The true story behind Netflix's new addictive documentary series, The Innocent Man.

Ronald Keith Williamson spent 11 years on death row for a murder he didn’t commit.

Born in 1953 in Ada, Oklahoma, Williamson was a promising baseball player. He even made it as far as playing for the New York Yankees, before he had to quit the game at 25 due to a shoulder injury.

Giving up on his baseball dreams, Williamson returned to his hometown. He quickly slipped into a deep depression and would sleep for 20 hours a day in his bedroom at his mother’s house.

The once talented athlete was then diagnosed with bipolar disorder. But instead of receiving proper treatment, he tried to drown his senses with drugs and alcohol.

Williamson’s life continued to spiral out of control. Then he became a murder suspect.

On December 8, 1982, Debbie Sue Carter, a local cocktail waitress, was found raped and murdered in her garage apartment. She was just 21 years old.

According to POLITICO Magazine, Debbie had been gagged with a bloody towel and the word DIE had been painted on her stomach.

On the night of her murder, Debbie had worked her regular shift at Coachlight, a bar Williamson frequently visited. After the murder, another customer named Glen Gore, told police he had witnessed Williamson arguing with Debbie that night.

A friend of the victim also reported that Debbie had said Williamson “made her nervous”.

Williamson officially became a suspect in the case, along with his friend Dennis Fritz. Williamson was unable to provide an alibi for the night in question because he couldn’t remember where he was, he also took two polygraph tests that came up as “inconclusive”.

But without any physical or circumstantial evidence, and with no confession, the case went cold.


Then five years later, Williamson was arrested for forging cheques and was awaiting trial in Pontotoc County Jail in Ada. A fellow inmate named Terri Holland told police Williamson had confessed to her that he had, in fact, murdered Debbie.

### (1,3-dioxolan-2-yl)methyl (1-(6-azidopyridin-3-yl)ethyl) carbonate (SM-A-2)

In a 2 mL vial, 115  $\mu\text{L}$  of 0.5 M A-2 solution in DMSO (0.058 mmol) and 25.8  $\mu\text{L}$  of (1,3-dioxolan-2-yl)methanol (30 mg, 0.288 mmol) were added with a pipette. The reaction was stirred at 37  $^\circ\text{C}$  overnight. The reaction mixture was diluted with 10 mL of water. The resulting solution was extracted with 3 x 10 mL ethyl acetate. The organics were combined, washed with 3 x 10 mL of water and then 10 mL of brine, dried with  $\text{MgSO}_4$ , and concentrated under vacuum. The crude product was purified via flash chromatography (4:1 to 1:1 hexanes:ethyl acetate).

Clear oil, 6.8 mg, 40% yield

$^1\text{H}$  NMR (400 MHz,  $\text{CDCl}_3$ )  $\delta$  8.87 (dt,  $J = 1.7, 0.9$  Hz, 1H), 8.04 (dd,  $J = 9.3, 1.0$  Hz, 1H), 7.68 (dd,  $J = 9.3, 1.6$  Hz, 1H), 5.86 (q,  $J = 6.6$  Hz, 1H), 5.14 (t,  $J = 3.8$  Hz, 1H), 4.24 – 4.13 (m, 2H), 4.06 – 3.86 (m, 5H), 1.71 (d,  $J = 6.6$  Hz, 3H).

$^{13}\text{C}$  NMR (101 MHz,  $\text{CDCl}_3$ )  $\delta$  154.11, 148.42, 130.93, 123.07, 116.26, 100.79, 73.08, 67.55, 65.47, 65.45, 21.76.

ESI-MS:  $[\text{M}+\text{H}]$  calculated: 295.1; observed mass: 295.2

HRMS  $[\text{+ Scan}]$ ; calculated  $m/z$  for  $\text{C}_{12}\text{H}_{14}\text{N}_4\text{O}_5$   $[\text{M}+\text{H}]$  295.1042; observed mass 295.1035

In May that year, police exhumed Debbie’s body and charged both Williamson and Fritz for her murder.

At this point, Williamson had been diagnosed with schizophrenia, as well as, bipolar disorder and depression. He was denied medication by prison staff and completely lost control at his trial.

As The Sun reports, he was convicted of Debbie’s brutal murder and was sentenced to death by the judge.

Williamson spent the next 11 years on death row in Oklahoma. Then, just five days before his scheduled execution on September 24, 1994, a judge issued a last minute stay.

The death row inmate was moved to a new treatment area for patients with mental health issues and it was determined he was completely unfit to stand trial.

In 1998, he underwent DNA testing and was cleared of all guilt. He was finally free.

The DNA evidence also led police to the real culprit – Glen Gore – the man who had been the prosecution’s main witness in the case.

On December 4, 2004, just five years after his release, Williamson died in an Oklahoma nursing home.

The 51-year-old had been diagnosed with cirrhosis of the liver. He had spent a fifth of his life behind bars for a crime he didn’t commit.

After his death, Williamson’s story was turned into a non-fiction book by crime writer John Grisham, called The Innocent Man.

A TV series based on the book will drop on Netflix on December 14.